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Dog Reactivity

Discussion in 'Dog Behaviour and Training' started by JoanneF, Aug 15, 2020.

  1. JoanneF

    JoanneF Well-Known Member Registered

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    I'm posting this as part of a set of helpful 'easy reference' articles for common questions and problems. Feel free to add additional info on dog reactivity in this thread, but please start a new thread for specific questions relating to your dog.

    My dog lunges and barks at other dogs

    This is actually not uncommon but very few dogs really want to get into a fight. All of their instincts tell them not to - in the wild, the risk of injury is simply too great. In fact, aggressive behaviour is almost always rooted in fear.

    By putting on a big display, your dog is trying to frighten off the other dog, his body language is saying 'I'm loud and big and scary, don't come close to me if you know what's good for you'. And almost always the other dog will retreat, or be taken away by his owner, so your dog's behaviour becomes reinforced. It worked, so he knows he can do it again.

    So what can I do?

    This sort of behaviour often happens when your dog is on lead, which means that he has found himself closer to the other dog than he would have chosen if he had been able to.

    He will have an invisible radius of space around him where he feels secure. It's called flight distance, anything within that space triggers his fight or flight stress response, which you may have heard of. Find out what that is and keep him far enough away from other dogs that he is aware of them, but relaxed. Your goal is to train him that he doesn't need to react; not to stop a reaction in progress.

    Reward him for being calm with something fabulous, like frankfurter sausage or a very special toy. The aim of this is to change your dog’s emotional response to the stressful thing (the other dog) by repeatedly pairing it with something good. In time, your dog will learn that scary dogs mean sausages appear and this creates something called a positive conditioned emotional response (+CER).

    Gradually, over weeks and months rather than days, you can work on reducing the distance. This may mean you have to be selective where you walk - choose places with good visibility so you can give other dogs a wide berth, or where you can turn and walk away easily; always positioning yourself between your dog and the other dog as a sort of safety barrier. But - be aware that if your dog has had a stressful episode the stress hormone cortisol can stay in the body for some time. Studies in dogs are inconclusive but it may be several days. The distance he was comfortable with on one day might be too close on another day. So the safe distance can change, watch his body language.

    Alongside that you could train a 'watch me'. As your dog looks at you, mark and reward the behaviour. Ask for longer periods of watching. Then if a dog approaches, after you have worked on the distance issue, you can get your dog to focus on you and not the other dog. BUT - some dogs find this scary as they cannot see the thing they are anxious about so you need to judge your dog. And importantly, don't ask your dog to watch you if it is the other dog that is reactive. Your dog should never be in a situation where he could be at risk while he is complying with something you have asked him to do.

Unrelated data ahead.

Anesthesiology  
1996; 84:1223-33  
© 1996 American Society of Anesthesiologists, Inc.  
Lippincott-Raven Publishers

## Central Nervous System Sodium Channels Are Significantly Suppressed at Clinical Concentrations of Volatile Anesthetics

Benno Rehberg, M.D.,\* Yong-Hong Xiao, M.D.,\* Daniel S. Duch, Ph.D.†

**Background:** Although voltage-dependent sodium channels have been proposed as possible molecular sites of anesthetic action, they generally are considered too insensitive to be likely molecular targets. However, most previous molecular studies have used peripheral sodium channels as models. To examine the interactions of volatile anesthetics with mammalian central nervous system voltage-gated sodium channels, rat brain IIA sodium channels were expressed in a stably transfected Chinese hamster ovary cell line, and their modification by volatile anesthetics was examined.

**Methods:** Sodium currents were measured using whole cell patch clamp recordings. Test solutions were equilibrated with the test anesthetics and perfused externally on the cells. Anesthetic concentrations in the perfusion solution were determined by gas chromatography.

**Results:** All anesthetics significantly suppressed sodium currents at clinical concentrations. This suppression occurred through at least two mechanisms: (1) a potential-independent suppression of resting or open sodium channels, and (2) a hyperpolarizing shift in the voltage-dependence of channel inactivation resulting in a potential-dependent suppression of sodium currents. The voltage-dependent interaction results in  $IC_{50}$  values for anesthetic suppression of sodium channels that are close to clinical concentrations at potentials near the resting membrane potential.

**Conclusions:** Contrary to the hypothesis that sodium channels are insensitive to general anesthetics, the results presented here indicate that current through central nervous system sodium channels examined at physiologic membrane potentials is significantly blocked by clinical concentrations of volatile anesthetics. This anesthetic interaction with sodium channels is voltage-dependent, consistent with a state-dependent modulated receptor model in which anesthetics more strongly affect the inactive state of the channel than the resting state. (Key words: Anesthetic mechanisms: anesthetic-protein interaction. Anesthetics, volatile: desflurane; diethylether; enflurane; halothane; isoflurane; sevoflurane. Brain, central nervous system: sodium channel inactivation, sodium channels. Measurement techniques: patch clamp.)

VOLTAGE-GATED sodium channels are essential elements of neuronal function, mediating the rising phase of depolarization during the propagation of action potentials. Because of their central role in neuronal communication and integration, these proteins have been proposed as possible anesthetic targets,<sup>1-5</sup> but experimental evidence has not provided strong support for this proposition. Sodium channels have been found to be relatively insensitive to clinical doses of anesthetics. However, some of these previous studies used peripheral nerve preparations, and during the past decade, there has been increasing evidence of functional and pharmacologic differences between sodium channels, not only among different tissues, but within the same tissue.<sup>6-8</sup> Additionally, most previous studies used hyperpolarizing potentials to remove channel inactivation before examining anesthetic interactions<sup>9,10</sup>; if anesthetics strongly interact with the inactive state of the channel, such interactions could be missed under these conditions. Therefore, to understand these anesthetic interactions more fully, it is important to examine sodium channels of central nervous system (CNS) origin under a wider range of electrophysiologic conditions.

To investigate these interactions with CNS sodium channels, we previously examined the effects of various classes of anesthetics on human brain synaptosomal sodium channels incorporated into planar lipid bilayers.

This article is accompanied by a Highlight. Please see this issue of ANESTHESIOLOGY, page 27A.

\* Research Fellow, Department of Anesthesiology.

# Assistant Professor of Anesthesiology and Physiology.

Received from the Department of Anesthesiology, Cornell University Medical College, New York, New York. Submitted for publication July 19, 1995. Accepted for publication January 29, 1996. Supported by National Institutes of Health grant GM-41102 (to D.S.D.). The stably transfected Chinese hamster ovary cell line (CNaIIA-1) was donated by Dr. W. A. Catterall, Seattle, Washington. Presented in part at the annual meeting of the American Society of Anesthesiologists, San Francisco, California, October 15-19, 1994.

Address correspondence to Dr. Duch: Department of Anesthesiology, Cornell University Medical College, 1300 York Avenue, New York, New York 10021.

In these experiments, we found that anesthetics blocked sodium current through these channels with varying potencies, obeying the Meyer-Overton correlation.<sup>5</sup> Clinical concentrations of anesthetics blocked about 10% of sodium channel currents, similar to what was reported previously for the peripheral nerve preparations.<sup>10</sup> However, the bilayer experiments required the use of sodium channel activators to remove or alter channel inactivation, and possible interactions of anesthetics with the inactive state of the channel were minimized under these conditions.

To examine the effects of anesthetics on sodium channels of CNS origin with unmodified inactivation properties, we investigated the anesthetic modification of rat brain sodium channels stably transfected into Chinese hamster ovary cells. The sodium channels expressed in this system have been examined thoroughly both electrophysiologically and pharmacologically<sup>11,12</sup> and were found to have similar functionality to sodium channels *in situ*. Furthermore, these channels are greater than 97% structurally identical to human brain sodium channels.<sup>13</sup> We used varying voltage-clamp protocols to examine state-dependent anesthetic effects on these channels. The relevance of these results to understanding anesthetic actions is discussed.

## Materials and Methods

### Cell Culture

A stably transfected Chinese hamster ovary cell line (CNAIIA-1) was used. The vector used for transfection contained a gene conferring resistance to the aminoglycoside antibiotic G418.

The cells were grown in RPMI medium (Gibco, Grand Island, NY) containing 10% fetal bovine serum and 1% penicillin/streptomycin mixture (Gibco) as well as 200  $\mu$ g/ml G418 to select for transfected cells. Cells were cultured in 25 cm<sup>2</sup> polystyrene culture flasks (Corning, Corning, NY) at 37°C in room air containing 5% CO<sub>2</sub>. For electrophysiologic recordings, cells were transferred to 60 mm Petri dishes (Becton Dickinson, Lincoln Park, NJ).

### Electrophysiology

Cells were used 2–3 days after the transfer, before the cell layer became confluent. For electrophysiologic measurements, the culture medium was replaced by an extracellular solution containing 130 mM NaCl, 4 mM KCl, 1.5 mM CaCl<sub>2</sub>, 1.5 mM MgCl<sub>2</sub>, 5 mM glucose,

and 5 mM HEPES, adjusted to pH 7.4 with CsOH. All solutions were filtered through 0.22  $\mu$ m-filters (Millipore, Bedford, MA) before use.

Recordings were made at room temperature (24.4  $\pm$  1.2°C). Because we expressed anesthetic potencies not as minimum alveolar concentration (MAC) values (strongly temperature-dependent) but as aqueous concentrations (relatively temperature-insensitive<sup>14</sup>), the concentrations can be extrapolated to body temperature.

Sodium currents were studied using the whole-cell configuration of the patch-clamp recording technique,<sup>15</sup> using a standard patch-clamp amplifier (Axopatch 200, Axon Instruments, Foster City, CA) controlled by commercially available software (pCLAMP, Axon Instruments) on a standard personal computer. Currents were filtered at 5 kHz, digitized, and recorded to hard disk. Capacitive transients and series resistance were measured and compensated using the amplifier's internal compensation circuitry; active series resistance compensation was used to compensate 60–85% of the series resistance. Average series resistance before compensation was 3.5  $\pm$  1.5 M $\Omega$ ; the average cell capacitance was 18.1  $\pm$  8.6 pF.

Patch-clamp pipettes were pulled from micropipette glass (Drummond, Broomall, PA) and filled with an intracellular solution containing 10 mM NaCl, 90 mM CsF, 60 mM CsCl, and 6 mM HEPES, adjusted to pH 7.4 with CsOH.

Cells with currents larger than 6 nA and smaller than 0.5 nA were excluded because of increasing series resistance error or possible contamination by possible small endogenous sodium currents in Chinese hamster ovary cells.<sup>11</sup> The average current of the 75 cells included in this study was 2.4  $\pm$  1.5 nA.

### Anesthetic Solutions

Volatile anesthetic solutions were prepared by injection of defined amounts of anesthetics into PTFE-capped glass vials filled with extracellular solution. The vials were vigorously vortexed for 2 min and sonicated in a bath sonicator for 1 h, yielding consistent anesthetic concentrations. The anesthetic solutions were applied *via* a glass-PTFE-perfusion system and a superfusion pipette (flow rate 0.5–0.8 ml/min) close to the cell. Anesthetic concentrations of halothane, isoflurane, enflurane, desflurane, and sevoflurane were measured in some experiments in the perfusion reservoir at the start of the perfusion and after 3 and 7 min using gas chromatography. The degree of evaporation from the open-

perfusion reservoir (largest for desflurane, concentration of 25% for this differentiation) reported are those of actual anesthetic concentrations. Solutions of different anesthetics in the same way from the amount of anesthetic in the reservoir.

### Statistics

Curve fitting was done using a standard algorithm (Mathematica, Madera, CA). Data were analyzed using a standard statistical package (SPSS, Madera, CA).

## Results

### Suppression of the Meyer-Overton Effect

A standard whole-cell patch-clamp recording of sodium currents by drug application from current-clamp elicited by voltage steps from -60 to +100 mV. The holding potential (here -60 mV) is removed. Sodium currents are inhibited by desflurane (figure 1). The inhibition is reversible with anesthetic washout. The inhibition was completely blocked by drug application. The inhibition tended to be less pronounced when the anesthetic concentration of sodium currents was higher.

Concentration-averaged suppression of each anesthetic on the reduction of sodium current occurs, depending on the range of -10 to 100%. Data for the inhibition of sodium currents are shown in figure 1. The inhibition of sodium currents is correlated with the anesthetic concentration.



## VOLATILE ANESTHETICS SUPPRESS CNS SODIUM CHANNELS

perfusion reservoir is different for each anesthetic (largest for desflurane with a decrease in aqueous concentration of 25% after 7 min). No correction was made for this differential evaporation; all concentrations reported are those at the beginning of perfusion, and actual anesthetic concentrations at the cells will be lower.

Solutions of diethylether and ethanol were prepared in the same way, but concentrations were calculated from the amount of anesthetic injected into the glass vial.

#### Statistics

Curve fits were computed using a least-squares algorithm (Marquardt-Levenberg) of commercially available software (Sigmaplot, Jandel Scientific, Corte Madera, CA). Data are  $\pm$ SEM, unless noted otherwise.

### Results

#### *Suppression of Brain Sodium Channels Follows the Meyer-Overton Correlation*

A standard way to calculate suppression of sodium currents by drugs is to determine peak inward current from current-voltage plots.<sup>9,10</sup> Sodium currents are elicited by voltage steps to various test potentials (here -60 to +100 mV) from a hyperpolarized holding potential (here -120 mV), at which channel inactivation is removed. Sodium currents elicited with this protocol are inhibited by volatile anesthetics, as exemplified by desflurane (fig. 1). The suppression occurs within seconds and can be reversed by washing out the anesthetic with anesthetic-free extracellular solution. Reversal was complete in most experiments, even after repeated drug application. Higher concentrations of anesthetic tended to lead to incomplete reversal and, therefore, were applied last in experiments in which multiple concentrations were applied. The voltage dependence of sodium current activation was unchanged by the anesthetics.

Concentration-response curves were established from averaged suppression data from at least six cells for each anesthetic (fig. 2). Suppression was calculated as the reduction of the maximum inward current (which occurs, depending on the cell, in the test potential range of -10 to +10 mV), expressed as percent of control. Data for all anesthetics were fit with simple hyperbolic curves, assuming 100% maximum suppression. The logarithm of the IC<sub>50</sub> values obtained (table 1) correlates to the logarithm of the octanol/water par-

Some dogs don't seem to bother him, others do

    Trainers describe behaviour like this with reference to the three Ds. Distance, as above but also be aware of Duration - your dog might be tolerant for 10 seconds, but not 15; and Distraction - how distracting the stimulus is, a calm dog might not trigger any reaction at a given distance but a bouncy one might.

    In addition, the conformation (shape) or even colour of some dogs can trigger a reaction. Very broad fronted dogs (such as mastiffs or bulldogs) create the impression of 'facing up' just because of their shape, which can be intimidating even if their temperament is perfect. And black dogs are thought to have facial body language that is harder to read. Some dogs will be more reactive to un-neutered males, or particular breeds for no apparent reason. Learn what triggers reactions in your dog so that you can give him the extra support he needs.

    Will he ever get over it?

    Odds are, you won't end up with a social butterfly, and I would encourage you not try. But there is no reason to think you can't achieve a dog that can go on walks without reacting to other dogs just being there, looking at him, passing him. If you can achieve a result which means your dog is neutral to others, that would be an excellent outcome.

    For more detailed information, visit Care for Reactive Dogs
     
    Last edited: Oct 23, 2020
    RGC, Janet Davies, Eva1 and 1 other person like this.

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